Discusses medical education in Cuba, with a special forcus on poorly-served, low income communities in the United States.
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Stories about Thinking Politically.
Those of us who grew up reading Abbie Hoffman's and Jerry Rubin's diatribes against pay toilets will apprecieate this.
Kevin Zeese sets the record straight on the recent elections in Venezuela.
May 26, 2018
California has over $700 billion parked in private banks earning minimal interest, private equity funds that contributed to the affordable housing crisis, or shadow banks of the sort that caused the banking collapse of 2008. These funds, or some of them, could be transferred to an infrastructure bank that generated credit for the state – while the funds remained safely on deposit in the bank.
Back in the 1890s those who believed conquering a continent was killing enough (without taking over Hawaii, the Philippines, Cuba, Puerto Rico, etc.) included Speaker of the House Thomas Reed. He clipped an article out of a newspaper about a lynching in South Carolina. He clipped a headline about “Another Outrage in Cuba.” He pasted the two together (fake news!) and gave them to a Congressman from South Carolina who was pushing for a war on Cuba. The Congressman eagerly read the article, then stopped, looked puzzled, and remarked “Why, this isn’t Cuba.”
I recommend trying this trick. Clip an article about Israelis murdering Palestinians, or some outrage in a U.S. prison or a Saudi square or under the rain of humanitarian bombs in Afghanistan, Pakistan, Syria, Yemen, Somalia, Iraq, Libya, or elsewhere; paste it below a headline about Iran, North Korea, Bashar al Assad, or Vladimir Putin.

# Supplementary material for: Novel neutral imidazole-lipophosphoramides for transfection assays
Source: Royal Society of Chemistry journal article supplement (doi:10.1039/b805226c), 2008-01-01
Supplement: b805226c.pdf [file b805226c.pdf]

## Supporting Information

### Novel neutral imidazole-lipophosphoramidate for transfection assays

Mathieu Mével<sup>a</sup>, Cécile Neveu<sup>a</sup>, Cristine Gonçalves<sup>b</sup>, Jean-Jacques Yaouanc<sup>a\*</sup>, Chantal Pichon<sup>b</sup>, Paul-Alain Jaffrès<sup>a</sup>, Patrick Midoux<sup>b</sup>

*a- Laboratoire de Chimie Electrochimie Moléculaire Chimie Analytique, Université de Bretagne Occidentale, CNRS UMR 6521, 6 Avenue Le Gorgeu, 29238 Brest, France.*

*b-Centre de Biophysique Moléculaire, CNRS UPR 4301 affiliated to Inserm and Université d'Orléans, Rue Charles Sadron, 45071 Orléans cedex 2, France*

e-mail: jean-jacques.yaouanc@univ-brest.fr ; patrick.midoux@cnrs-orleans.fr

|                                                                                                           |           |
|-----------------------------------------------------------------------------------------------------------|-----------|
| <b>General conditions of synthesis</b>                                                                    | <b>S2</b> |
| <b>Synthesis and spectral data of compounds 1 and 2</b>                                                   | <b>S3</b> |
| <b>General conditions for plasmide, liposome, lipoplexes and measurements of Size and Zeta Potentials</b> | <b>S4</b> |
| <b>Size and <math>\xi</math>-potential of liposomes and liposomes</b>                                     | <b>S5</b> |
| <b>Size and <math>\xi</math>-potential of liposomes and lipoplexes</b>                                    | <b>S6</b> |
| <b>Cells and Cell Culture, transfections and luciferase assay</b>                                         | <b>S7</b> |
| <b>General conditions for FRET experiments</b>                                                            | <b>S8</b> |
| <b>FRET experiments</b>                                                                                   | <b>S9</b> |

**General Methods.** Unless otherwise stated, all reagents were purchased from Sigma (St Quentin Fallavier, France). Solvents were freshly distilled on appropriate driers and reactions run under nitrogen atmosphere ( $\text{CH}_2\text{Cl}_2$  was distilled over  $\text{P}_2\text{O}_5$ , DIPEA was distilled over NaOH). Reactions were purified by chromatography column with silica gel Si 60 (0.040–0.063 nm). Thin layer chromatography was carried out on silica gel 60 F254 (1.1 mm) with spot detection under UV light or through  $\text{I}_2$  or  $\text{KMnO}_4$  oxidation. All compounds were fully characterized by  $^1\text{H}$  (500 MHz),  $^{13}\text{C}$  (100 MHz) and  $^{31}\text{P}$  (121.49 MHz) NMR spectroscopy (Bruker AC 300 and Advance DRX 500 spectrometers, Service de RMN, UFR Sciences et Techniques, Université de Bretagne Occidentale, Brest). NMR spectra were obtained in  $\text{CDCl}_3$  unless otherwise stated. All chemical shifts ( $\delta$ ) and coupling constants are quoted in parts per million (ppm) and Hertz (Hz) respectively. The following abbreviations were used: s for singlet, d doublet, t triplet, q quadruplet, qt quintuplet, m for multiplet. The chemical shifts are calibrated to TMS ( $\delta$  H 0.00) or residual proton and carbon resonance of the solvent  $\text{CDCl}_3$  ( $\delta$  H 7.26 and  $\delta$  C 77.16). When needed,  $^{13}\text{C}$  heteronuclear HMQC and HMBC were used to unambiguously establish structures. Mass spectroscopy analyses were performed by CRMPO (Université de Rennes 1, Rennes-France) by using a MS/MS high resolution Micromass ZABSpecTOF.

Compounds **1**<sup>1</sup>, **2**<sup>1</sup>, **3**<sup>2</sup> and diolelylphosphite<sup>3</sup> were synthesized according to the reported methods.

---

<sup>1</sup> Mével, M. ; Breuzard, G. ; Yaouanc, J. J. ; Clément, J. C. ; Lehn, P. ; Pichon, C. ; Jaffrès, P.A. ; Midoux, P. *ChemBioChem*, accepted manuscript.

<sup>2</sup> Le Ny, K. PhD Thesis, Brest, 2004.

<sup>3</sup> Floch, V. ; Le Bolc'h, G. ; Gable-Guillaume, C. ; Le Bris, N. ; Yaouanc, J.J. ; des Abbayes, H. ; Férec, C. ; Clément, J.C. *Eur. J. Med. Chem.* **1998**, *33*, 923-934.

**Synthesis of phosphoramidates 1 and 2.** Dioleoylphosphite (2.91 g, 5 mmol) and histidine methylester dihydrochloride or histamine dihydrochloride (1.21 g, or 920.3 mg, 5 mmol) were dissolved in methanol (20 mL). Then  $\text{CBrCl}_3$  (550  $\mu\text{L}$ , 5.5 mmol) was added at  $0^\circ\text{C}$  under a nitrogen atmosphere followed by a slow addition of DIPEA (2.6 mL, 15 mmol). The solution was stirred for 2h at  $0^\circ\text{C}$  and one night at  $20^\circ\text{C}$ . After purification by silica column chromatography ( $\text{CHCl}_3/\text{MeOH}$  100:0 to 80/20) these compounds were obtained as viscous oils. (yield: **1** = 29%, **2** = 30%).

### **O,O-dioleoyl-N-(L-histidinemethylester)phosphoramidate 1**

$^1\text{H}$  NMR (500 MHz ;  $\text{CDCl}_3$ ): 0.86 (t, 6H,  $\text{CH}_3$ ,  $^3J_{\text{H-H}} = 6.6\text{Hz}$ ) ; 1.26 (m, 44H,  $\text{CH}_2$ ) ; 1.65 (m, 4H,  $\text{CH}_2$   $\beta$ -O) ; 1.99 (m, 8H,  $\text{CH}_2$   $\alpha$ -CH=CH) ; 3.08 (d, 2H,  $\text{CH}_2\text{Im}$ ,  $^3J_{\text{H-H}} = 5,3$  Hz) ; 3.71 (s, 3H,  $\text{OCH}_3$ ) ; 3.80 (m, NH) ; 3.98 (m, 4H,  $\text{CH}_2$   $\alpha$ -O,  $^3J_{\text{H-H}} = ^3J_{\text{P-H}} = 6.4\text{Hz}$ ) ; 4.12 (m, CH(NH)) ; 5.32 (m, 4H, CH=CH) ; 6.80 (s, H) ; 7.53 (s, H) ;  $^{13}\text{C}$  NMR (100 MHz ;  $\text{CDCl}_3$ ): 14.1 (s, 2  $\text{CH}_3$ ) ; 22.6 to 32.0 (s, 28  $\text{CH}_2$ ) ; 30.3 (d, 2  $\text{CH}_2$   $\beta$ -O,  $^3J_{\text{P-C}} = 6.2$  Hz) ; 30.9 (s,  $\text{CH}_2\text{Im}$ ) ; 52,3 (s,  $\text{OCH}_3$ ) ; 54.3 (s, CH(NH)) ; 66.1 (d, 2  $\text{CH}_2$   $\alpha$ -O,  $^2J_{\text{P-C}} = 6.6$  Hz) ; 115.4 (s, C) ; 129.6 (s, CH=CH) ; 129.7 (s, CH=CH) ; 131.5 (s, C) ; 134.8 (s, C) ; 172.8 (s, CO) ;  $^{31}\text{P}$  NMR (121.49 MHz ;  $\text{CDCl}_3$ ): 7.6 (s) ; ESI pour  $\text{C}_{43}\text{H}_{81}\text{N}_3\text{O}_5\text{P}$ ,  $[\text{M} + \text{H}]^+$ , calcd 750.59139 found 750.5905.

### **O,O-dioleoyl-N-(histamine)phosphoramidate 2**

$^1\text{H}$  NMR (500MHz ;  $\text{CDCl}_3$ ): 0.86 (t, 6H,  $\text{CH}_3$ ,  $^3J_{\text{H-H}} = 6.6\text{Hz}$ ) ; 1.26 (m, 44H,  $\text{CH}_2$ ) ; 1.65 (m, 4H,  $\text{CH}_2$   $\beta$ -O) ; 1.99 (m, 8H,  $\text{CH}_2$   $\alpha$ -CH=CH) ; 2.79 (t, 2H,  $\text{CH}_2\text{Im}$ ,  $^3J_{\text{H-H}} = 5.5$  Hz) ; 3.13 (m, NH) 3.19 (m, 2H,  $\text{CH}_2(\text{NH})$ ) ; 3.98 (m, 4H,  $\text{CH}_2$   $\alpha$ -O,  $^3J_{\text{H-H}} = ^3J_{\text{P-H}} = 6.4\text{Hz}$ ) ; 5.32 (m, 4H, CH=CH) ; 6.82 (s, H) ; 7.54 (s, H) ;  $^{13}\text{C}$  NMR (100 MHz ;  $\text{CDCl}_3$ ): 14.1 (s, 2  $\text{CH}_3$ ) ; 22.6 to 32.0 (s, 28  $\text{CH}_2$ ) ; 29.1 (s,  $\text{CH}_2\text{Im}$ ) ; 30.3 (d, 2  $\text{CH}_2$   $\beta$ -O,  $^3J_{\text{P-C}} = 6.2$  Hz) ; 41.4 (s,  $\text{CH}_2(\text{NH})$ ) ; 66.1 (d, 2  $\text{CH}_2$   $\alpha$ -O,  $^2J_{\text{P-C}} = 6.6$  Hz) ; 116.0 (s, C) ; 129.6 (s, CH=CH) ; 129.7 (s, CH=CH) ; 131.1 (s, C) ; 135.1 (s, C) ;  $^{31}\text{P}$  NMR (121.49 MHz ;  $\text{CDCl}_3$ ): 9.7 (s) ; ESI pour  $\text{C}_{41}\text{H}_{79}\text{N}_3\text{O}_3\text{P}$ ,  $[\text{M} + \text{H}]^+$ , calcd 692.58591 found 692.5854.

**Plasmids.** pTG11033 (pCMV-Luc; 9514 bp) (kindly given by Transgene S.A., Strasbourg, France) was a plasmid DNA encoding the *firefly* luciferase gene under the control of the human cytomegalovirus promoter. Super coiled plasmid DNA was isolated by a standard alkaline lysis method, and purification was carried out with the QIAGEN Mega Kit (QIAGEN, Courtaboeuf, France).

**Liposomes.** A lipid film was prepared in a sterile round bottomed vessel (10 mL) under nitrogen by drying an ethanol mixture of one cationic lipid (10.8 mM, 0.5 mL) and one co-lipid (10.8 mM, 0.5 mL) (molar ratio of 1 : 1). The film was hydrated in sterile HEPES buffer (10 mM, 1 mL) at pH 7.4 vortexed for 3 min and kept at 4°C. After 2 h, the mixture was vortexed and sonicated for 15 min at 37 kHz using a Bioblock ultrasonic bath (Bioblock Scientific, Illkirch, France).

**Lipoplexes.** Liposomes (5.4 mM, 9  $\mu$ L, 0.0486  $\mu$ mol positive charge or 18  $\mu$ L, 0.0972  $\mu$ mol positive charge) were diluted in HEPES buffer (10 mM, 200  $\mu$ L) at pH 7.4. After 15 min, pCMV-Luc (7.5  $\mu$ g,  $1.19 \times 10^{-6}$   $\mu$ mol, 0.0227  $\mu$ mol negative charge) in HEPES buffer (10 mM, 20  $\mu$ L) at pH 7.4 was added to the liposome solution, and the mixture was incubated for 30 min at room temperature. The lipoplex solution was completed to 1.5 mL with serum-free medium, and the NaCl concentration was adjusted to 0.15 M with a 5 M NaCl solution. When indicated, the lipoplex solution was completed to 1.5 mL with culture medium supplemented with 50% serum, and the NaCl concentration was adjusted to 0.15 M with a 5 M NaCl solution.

A review of two books about experiences in Richmond, California.
Students in Gary, Indiana fight environmental racism, trying to stop a "solid waste processing facility" from being established within 100 feet of their school.
New York: Oxford University Press, 2016. ISBN: 978-0190624712
This is an absolutely important—and brilliant—recent book by someone who knows what she’s talking about. It is clear, thoughtful and, yes, inspiring. It is a book that I believe should be read by every social change activist in (at least) North America. It is written by a woman who has extensive experience in the labor movement, but who also has experience as a radical student organizer as well as a community-based activist and educator. It is also, though, limited when it shouldn’t be.
Jean Batou deconstructs the simplistic interpretations of Marx's work that have obscured his relevance for our time.
I really don’t think that most mainstream climate environmental organizations are operating with any kind of intentional strategy in which they think that what they are doing will lead to positive change. When groups are mobilizing their members to “send a message” or “make their voices heard” to [US Secretary of the Interior Ryan] Zinke, [Environmental Protection Agency Administrator Scott] Pruitt or Trump, I doubt any staffers in those groups actually think that what they are doing has any potential of working. I think they are hemmed-in by the norms of social movement organizing. Those norms demand relentless optimism and positivity, so there is very little room for open reflection on our mistakes, changing direction or acknowledging that certain goals are no longer possible. Those norms also define leadership around knowing what to do and giving people tangible and immediate things to do.